Editor's note: This contribution by the late journalist I.F. Stone first appeared in our January 1975 magazine.
It could be a very short honeymoon for progressives who supported Obama, with all the Clinton Administration officials crowding into the cabinet. We're now talking about a transition that will calm Wall Street, deploy more troops to Afghanistan, and recruit members of Washington's permanent establishment to keep the politics of bailout and military buildup going.
What about "change" propelled by the power of small donors, a huge field operation, and the massive numbers of new voters and newly energized activists who got Obama elected?
Republicans mocked Obama for being a community organizer, and made a lot out of his brief association with ACORN. But Obama's victory was not actually a community organizing triumph. As veteran organizer Bill Fletcher Jr. put it today on Grit TV, "When I'm thinking about community organizing, I'm thinking much more about growth and training of indigenous leaders." Obama's field operation was impressive. But it was also a highly disciplined, centralized operation--and, let's not forget, the most expensive campaign in history. Obama's record-breaking contributions from Wall Street came from very identifiable, big-name donors, while his small-donor base was not organized, except for the purpose of electing him. As Fletcher puts it, "You're not beholden to people who have no collective voice."
Now, as Obama works on his transition, progressives are scrambling to work on getting that collective voice together.
"What would be wonderful is for a subset of those hundreds of thousands of people [who elected Obama] to think of themselves as candidates," says Jeff Blodgett of Wellstone Action. "And another group could work on those campaigns. And another could think about how do I really work on the issue that's important to me."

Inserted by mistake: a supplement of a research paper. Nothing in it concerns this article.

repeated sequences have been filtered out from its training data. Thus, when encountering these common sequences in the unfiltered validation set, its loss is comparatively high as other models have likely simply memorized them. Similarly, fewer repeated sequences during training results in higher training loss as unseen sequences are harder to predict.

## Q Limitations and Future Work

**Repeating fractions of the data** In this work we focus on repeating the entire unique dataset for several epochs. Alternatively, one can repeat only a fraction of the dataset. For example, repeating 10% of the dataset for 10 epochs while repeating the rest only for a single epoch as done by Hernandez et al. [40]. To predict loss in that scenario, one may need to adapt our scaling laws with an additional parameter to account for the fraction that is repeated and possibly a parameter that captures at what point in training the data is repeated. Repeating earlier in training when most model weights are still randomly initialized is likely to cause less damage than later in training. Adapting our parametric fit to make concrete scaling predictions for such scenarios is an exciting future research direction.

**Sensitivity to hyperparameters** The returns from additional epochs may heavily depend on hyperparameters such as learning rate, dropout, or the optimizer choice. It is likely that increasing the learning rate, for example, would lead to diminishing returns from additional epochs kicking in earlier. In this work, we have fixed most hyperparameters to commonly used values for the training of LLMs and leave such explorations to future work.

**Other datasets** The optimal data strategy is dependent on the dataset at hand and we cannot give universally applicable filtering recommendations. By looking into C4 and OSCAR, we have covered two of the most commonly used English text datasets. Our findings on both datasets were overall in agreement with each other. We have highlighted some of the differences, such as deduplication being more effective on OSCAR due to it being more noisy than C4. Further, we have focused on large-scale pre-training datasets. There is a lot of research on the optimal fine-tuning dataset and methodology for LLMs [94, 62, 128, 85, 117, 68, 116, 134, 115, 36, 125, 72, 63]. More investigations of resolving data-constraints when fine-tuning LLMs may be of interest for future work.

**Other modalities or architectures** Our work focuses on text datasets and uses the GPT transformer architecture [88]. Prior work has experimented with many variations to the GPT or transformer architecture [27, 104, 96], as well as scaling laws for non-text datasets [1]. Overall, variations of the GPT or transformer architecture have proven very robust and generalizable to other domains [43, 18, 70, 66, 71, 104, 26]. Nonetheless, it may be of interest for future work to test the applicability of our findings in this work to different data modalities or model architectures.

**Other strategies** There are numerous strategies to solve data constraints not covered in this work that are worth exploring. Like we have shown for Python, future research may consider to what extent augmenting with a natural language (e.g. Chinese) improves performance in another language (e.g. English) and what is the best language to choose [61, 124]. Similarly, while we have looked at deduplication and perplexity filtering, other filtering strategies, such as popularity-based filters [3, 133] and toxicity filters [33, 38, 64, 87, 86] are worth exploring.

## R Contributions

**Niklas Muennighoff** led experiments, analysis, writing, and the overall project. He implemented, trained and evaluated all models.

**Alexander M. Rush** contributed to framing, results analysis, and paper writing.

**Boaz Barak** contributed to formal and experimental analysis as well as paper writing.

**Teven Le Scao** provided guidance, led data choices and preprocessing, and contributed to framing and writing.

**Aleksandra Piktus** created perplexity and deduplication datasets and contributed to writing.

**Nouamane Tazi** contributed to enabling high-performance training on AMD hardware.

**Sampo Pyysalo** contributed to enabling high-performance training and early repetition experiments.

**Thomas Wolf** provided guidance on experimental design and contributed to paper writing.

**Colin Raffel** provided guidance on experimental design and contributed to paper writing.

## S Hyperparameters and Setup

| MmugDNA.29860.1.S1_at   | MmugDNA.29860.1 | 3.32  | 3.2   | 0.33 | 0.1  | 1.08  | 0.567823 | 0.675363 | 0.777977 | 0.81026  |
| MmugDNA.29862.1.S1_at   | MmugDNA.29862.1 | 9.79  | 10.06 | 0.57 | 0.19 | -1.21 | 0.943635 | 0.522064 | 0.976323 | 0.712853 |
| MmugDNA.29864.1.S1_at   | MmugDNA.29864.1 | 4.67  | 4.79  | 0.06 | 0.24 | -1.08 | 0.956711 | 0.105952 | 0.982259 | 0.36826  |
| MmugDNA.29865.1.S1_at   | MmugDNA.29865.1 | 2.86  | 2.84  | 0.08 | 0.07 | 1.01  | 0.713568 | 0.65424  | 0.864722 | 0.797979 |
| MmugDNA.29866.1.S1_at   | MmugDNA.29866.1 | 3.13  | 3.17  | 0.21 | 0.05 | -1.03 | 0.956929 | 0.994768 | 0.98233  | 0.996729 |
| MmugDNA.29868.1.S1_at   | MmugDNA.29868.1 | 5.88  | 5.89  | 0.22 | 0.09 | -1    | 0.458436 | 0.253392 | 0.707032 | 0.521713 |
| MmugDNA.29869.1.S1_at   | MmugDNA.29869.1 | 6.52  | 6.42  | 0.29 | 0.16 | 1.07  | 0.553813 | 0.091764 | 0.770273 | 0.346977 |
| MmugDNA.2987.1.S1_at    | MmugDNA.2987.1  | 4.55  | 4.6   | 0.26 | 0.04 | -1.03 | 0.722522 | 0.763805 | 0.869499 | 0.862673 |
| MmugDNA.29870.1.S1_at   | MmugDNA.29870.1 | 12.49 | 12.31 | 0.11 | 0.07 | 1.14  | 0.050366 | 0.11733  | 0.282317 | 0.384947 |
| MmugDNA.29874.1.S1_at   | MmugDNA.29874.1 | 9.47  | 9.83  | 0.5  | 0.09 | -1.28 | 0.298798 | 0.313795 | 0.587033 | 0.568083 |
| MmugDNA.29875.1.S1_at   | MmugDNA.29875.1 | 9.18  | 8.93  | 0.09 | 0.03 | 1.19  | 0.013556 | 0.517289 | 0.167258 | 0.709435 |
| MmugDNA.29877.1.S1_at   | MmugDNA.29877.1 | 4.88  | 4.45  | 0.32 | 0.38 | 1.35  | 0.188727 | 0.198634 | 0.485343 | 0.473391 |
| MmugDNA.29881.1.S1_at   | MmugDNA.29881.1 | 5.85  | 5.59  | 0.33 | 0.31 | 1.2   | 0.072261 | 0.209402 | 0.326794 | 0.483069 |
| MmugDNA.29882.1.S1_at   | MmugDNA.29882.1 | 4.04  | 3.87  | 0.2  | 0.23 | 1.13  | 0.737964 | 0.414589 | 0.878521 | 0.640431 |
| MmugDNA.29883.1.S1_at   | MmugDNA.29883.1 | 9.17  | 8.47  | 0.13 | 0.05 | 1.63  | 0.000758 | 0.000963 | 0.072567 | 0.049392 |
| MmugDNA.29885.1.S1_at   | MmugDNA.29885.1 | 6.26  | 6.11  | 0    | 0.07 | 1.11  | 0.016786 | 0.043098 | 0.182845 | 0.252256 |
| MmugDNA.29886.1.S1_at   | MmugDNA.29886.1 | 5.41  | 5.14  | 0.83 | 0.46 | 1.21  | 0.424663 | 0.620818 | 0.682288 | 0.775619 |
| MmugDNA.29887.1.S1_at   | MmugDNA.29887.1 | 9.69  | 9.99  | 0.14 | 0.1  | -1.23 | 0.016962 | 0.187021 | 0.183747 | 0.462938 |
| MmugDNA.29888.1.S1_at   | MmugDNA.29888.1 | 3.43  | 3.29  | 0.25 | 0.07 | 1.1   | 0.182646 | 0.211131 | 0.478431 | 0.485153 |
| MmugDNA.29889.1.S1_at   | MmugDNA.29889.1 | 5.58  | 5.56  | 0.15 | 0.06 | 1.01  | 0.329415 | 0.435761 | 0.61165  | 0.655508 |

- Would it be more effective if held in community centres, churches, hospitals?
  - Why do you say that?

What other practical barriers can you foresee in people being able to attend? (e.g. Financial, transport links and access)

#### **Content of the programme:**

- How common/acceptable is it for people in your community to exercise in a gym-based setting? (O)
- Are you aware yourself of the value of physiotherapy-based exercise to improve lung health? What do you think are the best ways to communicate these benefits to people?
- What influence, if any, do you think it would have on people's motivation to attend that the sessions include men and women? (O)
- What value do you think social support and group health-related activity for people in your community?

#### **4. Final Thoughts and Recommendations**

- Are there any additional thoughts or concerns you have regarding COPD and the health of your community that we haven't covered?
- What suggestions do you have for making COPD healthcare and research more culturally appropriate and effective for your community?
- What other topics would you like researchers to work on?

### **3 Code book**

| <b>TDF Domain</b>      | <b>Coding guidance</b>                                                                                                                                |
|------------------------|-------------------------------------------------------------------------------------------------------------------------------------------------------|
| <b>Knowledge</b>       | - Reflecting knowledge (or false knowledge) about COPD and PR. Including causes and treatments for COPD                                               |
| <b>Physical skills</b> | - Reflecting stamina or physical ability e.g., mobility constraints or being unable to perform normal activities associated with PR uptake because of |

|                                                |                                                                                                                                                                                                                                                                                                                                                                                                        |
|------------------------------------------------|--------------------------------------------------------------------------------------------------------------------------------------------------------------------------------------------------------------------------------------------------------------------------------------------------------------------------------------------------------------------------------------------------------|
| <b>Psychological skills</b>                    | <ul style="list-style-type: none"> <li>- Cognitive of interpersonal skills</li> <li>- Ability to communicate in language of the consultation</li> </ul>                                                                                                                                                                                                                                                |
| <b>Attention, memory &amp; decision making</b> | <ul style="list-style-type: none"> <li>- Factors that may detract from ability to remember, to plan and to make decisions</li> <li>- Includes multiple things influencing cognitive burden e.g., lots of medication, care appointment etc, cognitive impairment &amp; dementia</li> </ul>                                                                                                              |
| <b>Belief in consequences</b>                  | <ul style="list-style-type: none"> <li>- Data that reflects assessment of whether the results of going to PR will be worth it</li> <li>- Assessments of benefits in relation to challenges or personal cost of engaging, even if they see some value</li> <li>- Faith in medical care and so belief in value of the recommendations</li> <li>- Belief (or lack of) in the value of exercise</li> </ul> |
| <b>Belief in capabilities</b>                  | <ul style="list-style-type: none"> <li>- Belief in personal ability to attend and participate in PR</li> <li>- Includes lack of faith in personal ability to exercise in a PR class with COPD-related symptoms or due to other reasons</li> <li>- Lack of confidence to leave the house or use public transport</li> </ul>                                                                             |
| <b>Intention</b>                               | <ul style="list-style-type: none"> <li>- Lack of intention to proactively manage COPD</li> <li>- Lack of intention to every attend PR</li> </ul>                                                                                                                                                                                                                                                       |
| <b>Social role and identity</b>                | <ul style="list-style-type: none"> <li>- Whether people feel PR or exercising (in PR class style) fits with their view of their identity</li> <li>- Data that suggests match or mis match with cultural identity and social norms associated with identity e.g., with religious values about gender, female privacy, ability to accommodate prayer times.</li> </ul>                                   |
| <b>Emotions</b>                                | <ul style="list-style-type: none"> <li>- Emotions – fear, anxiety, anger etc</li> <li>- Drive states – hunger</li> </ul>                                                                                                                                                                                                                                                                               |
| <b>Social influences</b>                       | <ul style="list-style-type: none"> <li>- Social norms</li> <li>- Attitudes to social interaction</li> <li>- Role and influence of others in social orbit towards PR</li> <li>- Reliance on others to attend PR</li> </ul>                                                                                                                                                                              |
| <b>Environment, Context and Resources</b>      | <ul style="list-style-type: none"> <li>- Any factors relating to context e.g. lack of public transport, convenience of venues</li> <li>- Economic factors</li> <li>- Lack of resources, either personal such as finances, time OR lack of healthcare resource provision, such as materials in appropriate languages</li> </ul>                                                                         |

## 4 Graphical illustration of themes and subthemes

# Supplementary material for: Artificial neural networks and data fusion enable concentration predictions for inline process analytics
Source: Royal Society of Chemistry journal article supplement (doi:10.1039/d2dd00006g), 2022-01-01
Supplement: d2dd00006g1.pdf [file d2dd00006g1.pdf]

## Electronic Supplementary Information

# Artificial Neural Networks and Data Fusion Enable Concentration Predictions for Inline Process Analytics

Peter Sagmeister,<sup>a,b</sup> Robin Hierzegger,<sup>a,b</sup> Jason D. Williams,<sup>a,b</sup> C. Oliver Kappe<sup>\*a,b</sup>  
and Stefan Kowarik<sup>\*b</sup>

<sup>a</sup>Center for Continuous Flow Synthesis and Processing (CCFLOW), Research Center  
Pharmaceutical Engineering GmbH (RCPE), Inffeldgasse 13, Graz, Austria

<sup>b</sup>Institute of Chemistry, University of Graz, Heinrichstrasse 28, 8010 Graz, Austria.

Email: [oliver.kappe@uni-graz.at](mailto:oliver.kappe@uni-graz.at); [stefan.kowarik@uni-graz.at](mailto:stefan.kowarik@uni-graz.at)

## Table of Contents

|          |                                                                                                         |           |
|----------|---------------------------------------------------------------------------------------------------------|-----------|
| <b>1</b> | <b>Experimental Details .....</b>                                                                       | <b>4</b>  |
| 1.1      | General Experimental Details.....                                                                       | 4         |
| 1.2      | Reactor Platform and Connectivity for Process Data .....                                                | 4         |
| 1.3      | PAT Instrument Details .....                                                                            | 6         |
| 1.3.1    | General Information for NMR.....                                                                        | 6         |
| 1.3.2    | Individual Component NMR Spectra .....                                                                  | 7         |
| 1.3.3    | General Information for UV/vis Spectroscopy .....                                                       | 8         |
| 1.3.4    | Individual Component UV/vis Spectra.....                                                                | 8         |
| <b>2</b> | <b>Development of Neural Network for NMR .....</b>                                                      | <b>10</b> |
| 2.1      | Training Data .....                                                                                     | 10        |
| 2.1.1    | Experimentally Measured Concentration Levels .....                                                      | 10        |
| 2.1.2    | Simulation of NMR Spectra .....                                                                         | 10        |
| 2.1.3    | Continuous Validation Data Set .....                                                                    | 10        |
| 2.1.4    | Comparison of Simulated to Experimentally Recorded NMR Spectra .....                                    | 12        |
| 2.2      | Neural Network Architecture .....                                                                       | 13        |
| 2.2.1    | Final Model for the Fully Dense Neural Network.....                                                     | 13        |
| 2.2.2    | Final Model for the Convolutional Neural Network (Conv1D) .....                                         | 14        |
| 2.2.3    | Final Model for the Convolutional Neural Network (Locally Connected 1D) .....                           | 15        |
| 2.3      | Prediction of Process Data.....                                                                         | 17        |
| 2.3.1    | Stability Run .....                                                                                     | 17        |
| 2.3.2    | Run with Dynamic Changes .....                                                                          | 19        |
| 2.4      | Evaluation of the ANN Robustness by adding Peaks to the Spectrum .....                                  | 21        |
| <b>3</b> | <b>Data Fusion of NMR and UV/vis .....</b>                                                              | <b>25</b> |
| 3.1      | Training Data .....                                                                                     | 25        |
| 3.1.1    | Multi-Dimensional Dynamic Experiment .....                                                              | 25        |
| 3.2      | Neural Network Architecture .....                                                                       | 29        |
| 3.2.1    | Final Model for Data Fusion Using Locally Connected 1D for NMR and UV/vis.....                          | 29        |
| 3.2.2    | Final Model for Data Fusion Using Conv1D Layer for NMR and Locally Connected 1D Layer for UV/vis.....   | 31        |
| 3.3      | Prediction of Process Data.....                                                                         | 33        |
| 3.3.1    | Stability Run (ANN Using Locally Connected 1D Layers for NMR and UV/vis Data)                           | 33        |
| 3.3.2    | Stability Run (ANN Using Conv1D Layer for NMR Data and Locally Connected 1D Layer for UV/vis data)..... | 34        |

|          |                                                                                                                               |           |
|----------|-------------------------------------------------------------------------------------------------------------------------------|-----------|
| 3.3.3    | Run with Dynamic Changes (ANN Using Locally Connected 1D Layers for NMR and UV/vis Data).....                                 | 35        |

Wellstone Action is dedicated to the kind of growth and training of local community organizers and candidates that Bill Fletcher talks about. As it turns out, the community organizers are turning to the campaign as a source of energy, instead of vice versa.
Boldgett sees the excitement generated by Obama's meteoric rise as an opportunity. "That's the challenge--to continue the momentum," he says. His group is adding more trainings, and he sees a spike in interest both in progressives running for office and in groups that work on global warming, immigrant rights, and other issues.
The challenge for those groups--to put pressure on Obama--is daunting.
"This will be the fight of the millennium," says Betsy Taylor, the climate change activist who founded One Sky (www.1sky.org). She was "gratified" by Obama's talk about green jobs during the campaign, and by his "forceful" speech this week at the climate change summit in California. But, she adds, "He comes from a coal state and he hasn't figured out the science on coal"--that nothing short of a complete moratorium on coal plants will do to reverse global warming. "It's one thing to talk about targets and another thing to do it at the scale and speed that we need," she says.
Taylor doesn't worry about overstating the urgency of global warming. "It's not like any other issue," she says. "We need a massive mobilization. We need to fundamentally change direction in the next couple of years." One Sky is trying to recruit volunteers in every Congressional district and precinct to drive that message home. "We only beat global warming by creating a whole new economy--transforming every car, every appliance," she says. "I do think we have a President who can provide that kind of leadership, but he has to be pushed, and supported."
That sense of urgency may be just what the whole progressive community needs.